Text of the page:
Twenty-four states, along with the District of Columbia, have legalized medicinal marijuana, with more likely on the way. It’s time for the NFL to do the same.
Recently, former NFL offensive lineman Eben Britton told the New York Post he smoked marijuana regularly as a player, and was even high during games.
“NFL games I played stoned were some of the best games I ever played,” Britton said. “My performances were solid, and I felt really good after.”
His use of pot was not all about recreation. Rather, it was relief from the stressors of the game.
Britton said he was smoking to relieve, at times, “psychological distress or sciatica or pain in my shoulders.”
The NFL currently bans the use of marijuana. If found in a drug test, players are subject to suspension.
Britton’s experience is not an anomaly.
When asked how many NFL players currently smoke pot, Britton estimated that “it’s over 50 percent and it could be as high as 75 percent.”
If that’s not high enough, an anonymous sports agent said, “The number is rumored to be as high as 80 percent,” according to the Post.
Britton has no problem speaking out as a former NFL player, but he is lacking support from those who are active. They make themselves targets of the NFL for opposing its regulations.
Eugene Monroe spoke out against the NFL’s regulations on marijuana, and was soon after released by his team, the Baltimore Ravens.
The ex-NFL lineman took interest in the topic when he saw the CNN documentary Weed, where debilitating seizures were curbed in children with the use of medicinal marijuana, according to The Washington Post.
If medicinal marijuana showed positive results in these children, could it also bring positive benefits to the NFL?
Monroe believes the answer is a resounding yes. He became confident in his stance that he went public with it, all while being an active NFL player.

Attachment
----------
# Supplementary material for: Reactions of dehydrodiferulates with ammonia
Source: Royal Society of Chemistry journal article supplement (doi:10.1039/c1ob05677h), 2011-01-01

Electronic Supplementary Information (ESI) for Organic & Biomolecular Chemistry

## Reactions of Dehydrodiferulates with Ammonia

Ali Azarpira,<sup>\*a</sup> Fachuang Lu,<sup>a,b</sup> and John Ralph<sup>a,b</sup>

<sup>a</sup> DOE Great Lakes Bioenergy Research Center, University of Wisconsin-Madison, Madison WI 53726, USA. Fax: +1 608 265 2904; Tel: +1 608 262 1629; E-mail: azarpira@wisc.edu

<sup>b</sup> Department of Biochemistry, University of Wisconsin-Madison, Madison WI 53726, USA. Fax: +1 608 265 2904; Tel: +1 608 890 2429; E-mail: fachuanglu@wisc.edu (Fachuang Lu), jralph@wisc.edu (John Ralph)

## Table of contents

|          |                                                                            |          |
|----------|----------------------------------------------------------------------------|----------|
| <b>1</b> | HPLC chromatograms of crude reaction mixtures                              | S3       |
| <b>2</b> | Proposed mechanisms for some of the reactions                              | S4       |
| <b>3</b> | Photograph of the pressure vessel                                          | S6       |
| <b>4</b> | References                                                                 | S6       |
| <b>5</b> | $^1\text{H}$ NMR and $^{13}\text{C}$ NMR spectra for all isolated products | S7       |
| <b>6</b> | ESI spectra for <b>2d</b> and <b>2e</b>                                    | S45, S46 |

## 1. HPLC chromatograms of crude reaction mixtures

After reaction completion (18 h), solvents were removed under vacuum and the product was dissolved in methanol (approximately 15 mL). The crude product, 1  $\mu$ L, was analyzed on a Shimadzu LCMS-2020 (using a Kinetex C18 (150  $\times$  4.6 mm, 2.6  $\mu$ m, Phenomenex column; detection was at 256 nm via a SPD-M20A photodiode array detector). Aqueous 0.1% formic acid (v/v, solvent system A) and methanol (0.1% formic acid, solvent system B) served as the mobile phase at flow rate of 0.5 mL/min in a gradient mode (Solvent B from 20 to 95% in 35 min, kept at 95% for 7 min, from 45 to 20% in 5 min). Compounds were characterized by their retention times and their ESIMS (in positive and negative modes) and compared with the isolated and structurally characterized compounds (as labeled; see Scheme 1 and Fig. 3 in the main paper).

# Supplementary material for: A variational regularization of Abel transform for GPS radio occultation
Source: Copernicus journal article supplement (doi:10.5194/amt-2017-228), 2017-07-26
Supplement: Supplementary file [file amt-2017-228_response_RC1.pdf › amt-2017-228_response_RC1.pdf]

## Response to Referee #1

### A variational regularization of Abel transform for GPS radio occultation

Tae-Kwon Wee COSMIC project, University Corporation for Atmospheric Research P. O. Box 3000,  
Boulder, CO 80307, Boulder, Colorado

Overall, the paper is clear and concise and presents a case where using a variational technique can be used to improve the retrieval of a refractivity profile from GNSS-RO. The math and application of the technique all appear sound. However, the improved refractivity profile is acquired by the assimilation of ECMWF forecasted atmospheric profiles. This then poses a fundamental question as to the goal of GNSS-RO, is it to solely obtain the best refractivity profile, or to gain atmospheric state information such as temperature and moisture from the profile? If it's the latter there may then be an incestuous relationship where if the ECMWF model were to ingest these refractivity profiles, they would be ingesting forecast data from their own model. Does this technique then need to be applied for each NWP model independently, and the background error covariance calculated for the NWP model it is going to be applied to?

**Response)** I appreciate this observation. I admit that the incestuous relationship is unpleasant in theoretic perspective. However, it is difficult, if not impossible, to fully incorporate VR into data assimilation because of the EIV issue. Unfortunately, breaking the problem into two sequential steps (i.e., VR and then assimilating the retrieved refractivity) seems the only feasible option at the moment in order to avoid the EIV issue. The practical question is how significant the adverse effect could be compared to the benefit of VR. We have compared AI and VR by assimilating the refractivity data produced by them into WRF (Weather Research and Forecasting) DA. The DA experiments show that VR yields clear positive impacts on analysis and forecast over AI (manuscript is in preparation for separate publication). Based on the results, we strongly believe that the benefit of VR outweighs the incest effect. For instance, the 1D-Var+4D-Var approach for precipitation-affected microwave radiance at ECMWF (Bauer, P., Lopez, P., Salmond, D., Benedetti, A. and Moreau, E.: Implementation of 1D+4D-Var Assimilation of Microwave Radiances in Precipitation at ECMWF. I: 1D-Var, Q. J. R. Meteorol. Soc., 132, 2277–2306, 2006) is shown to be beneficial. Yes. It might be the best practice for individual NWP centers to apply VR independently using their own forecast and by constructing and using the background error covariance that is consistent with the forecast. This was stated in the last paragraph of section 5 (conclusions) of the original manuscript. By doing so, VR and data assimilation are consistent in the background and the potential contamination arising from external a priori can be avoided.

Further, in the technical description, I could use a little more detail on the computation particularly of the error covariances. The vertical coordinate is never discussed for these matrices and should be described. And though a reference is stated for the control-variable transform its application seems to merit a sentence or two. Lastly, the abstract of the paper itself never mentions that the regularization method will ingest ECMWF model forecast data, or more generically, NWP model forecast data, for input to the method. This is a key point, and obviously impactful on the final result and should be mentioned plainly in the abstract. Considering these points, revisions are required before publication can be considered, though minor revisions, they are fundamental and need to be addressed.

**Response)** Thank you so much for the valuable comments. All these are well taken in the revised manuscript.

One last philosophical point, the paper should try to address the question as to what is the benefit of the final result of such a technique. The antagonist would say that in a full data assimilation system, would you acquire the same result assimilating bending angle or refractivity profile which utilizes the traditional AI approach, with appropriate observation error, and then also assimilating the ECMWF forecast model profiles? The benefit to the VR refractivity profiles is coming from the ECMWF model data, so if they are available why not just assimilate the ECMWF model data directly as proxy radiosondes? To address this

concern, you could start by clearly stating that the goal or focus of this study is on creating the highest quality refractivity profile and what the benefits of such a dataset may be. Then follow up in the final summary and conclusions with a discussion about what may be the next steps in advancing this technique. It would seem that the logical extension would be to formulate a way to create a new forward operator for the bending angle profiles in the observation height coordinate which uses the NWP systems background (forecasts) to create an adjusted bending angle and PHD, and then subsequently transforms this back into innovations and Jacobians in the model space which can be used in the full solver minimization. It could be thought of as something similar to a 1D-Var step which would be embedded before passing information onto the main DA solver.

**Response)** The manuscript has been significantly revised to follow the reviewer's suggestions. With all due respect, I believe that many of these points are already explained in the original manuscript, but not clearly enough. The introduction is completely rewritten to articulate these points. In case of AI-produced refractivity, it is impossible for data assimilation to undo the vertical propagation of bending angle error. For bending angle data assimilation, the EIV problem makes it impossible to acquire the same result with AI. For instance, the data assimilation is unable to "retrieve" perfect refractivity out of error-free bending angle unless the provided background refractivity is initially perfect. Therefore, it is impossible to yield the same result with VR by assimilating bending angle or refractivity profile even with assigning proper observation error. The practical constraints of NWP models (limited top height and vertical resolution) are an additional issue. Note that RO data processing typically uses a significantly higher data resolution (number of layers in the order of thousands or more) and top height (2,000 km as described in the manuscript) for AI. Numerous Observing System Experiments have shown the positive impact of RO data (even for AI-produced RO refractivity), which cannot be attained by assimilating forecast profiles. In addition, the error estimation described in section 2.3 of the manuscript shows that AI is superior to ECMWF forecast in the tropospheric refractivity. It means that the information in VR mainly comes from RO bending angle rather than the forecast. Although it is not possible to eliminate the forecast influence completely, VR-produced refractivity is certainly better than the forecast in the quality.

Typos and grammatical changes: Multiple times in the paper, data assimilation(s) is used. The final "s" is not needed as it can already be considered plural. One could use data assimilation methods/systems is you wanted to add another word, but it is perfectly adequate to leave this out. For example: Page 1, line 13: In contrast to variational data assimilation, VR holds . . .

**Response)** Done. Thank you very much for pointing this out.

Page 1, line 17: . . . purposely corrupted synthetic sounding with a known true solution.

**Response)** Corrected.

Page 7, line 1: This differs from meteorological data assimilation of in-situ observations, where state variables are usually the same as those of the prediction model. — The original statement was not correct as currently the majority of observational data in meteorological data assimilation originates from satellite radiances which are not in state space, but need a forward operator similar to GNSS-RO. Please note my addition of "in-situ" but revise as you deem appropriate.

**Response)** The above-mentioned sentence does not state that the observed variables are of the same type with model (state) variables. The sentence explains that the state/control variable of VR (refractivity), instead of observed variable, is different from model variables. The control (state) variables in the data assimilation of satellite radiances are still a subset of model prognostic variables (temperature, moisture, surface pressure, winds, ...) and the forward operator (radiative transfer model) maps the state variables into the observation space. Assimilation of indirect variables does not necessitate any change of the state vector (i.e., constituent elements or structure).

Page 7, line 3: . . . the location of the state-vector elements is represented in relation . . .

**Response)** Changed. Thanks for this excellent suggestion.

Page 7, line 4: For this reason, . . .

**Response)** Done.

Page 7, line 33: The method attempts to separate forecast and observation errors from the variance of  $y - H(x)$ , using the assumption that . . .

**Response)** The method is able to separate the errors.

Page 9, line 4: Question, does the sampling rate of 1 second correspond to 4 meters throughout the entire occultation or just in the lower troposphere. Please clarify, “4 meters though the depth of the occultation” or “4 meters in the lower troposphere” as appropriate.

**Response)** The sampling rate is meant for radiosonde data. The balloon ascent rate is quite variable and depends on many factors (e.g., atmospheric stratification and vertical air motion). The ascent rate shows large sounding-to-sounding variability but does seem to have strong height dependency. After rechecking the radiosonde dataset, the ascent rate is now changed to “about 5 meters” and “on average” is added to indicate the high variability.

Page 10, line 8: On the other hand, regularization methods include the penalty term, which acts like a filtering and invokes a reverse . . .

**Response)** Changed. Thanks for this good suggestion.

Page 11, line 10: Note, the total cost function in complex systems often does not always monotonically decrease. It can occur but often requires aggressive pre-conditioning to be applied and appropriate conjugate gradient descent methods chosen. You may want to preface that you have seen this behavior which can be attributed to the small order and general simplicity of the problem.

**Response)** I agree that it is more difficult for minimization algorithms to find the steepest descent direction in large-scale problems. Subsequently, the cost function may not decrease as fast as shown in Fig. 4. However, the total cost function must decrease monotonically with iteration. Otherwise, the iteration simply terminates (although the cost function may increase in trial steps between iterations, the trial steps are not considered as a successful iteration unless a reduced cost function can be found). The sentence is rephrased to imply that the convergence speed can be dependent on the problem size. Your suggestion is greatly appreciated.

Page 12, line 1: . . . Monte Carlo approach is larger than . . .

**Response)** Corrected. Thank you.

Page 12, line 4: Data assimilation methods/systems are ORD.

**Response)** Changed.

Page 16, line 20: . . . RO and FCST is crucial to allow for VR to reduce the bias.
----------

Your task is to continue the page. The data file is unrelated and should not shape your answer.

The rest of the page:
The big benefit of welcoming medicinal marijuana into the NFL would be that it would replace opioids, or painkillers.
Opioids are legal in the NFL, but Monroe argues that the current situation against medicinal marijuana leaves players exposed.
When NFL players need to relieve pain, opioids are their only option. But opioids can lead to addiction, organ damage and overdose, according to The Washington Post. Meanwhile, cannabis is not addictive and does not cause death.
More research from Monroe shows that cannabis can treat chronic pain as effectively as opioids. Additionally, using marijuana after surgery would require less dosage than opioids would, reducing the risk of addiction.
Monroe learned that cannabidiol, a cannabinoid found in marijuana that provides painkilling and anti-inflammatory properties, can be extracted into oil and put into a pill that does not render a high.
Through this research, Monroe is trying to ignite change and get the NFL, as well as other players, to see the benefits to marijuana hidden under its bad rap.
If medicinal marijuana has shown benefits beyond opioids in reducing pain and addiction, then why should the NFL, or anyone, care? Not that players should be high for every game, but if it is administered as needed, it can extend a player’s career, life and health.
It’s not about getting high, it’s about healing. It’s about getting better. It’s about an alternative that might be safer than pain-killers and opioids.
If that is true, then the NFL should revise its ban accordingly.
“My life is literally at risk here,” Monroe said in The Washington Post. “Like I said, I’ve got children, man, and I worry for my future. I’ve already had a few concussions. It’s time for us to grow up, to move past ‘Reefer Madness,’ to understand [marijuana] as real medicine.”
Elizabeth Swinton is a television production from Linden, N.J. She can be reached at email@example.com or on Twitter @eswint22.